This is a condo complex in
La Costa area. Notice the concave windows.
Such deformation is most visible on a narrow window of about 24 inches, and best seen curing a colorful sunset or sunrise. This is a common issue, only with larger windows the deflection is less noticeable, and rarely is the light just for
it to clearly show up in a photograph. The upper fixed sash is also concave, but it
was not photographically obviously.
Argon is an option used to
replace air in dual glazed windows. Being heavier than air, entails more energy
for to heat or cool the gas. This difference gives about a 1 to 2 degree improvement
in the surface of the inner pane of glass when compared to a similar windows without argon gas.
However, it will slowly leak out.
Holding the glass in place along its edges is a metal spacer bar covered with
an adhesive. A typical rating (the figures are for the Dual seal spacer bar and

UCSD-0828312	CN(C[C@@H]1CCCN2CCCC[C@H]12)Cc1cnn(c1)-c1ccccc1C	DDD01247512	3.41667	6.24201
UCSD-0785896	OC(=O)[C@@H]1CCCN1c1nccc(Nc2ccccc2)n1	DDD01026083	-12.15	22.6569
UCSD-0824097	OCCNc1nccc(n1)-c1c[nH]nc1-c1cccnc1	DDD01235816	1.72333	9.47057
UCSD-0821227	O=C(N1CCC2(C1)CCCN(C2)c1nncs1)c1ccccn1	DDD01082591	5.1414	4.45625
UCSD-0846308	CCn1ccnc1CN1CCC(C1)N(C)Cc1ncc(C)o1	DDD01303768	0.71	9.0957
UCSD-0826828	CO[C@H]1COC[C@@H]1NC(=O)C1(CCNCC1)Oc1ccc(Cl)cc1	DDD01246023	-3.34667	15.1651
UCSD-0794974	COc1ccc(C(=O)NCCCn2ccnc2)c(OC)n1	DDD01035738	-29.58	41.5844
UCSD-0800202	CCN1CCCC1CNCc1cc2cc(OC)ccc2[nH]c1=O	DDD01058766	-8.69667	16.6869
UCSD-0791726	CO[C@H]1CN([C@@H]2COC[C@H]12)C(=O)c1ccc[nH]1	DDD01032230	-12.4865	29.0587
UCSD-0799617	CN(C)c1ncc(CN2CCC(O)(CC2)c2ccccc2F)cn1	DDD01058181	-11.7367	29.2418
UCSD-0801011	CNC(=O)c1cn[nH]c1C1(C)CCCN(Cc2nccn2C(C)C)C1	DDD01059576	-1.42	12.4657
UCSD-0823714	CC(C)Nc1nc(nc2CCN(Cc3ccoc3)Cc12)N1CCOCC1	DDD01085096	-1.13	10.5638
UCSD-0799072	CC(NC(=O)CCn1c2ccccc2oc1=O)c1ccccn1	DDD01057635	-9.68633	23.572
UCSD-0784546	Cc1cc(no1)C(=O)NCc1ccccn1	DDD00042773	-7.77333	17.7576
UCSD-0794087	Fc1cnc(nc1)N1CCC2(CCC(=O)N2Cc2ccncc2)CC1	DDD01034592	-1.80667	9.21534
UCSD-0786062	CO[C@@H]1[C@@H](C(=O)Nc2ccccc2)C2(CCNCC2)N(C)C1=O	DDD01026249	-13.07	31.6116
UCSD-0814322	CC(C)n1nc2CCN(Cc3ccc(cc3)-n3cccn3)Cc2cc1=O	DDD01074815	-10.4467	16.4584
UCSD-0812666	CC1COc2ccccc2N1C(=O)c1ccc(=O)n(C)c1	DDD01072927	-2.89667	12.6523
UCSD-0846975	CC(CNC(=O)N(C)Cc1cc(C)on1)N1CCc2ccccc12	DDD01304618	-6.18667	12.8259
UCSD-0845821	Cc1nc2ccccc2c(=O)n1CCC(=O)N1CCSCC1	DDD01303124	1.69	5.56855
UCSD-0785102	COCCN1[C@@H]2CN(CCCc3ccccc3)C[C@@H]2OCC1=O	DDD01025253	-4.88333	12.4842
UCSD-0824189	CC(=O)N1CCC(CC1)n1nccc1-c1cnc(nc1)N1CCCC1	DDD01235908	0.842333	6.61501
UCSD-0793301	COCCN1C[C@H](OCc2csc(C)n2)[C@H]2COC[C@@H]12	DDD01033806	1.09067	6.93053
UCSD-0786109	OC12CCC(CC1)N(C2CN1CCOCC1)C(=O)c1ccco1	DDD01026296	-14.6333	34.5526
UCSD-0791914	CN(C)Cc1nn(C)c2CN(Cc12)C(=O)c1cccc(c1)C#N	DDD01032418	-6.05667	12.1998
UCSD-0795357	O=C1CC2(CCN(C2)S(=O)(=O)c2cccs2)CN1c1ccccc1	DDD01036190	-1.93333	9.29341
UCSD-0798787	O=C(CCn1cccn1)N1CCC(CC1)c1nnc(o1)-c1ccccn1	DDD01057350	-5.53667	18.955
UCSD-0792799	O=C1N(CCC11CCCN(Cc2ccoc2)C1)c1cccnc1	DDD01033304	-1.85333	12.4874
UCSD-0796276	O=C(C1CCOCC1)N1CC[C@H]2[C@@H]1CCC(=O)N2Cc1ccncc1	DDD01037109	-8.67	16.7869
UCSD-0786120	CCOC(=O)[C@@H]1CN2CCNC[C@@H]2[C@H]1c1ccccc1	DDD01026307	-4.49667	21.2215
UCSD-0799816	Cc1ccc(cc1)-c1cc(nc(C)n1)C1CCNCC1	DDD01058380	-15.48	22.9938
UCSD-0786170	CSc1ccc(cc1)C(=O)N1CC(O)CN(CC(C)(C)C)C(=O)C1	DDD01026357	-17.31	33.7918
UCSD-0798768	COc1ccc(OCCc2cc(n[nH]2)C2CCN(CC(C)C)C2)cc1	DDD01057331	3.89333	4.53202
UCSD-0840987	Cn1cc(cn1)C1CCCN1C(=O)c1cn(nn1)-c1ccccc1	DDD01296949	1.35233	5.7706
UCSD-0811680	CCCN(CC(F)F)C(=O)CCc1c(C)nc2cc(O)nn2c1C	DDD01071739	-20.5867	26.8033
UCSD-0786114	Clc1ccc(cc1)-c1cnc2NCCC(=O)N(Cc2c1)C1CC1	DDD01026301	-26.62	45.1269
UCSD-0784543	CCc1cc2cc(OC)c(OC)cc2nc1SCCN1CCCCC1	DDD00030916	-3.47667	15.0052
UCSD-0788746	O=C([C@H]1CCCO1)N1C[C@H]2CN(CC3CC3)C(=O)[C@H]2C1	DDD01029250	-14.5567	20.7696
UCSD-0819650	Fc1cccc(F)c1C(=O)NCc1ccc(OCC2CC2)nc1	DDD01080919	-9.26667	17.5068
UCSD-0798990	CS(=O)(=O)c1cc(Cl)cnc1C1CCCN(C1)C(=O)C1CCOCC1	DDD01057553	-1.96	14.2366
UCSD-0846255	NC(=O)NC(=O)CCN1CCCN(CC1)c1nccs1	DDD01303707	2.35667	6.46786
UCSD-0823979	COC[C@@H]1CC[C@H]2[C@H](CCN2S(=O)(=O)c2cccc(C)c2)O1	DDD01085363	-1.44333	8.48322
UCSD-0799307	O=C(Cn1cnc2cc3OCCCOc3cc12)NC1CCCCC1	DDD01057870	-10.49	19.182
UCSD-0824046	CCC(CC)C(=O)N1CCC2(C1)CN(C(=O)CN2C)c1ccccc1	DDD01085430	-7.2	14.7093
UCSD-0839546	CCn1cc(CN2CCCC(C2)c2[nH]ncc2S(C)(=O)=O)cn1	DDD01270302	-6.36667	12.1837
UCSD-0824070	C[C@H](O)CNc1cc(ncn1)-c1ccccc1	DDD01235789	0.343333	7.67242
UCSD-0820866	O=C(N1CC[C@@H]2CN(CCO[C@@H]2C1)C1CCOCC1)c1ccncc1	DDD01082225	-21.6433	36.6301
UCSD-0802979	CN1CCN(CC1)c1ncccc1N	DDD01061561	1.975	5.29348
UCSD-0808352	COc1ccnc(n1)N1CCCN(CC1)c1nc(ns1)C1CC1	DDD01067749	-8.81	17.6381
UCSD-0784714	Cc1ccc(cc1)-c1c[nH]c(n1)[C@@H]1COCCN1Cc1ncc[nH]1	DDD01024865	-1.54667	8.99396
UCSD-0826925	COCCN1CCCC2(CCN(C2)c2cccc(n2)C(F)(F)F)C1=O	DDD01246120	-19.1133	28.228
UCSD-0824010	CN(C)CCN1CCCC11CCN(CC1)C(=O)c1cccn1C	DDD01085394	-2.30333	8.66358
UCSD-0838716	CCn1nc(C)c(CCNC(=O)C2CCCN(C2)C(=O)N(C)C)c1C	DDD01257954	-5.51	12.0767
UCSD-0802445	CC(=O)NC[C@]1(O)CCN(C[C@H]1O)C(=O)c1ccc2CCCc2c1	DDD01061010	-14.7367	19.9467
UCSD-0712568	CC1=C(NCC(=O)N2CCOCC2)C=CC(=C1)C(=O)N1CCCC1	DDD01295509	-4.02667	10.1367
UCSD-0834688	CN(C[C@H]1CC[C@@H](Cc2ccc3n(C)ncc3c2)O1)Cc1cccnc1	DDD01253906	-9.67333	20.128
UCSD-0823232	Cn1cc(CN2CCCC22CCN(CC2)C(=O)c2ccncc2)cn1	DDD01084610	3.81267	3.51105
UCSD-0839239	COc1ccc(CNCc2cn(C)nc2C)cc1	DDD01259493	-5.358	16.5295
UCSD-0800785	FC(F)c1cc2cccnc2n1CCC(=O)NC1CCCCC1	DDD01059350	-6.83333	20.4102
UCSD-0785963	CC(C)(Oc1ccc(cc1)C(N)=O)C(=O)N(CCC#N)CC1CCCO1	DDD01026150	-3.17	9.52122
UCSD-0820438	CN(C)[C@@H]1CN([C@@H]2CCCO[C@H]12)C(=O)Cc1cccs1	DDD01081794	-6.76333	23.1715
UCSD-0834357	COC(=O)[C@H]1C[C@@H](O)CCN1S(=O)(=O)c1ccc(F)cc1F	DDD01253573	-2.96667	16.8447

adhesive system) is 0.09 grams of water/meter2 per 24 hours. The problem
occurs when argon travels faster through a sealant than does nitrogen and oxygen. In
areas where there is large changes in temperatures, the deflection is sufficient so that there are instances of the glass
imploding. In USGlass Magazine April 1999, wrote an article entitled Kaboom: There Goes Another Argon-Filled IG Unit. Door and Window Manufacturers Magazine also writes of the problem in their
The window industry is aware
of this problem and has ignored; except for in Europe where legislation requires testing and a better
Milgard has addressed
this issue by upgrading their spacer bar-adhesive found in their energy package, 3 D Max.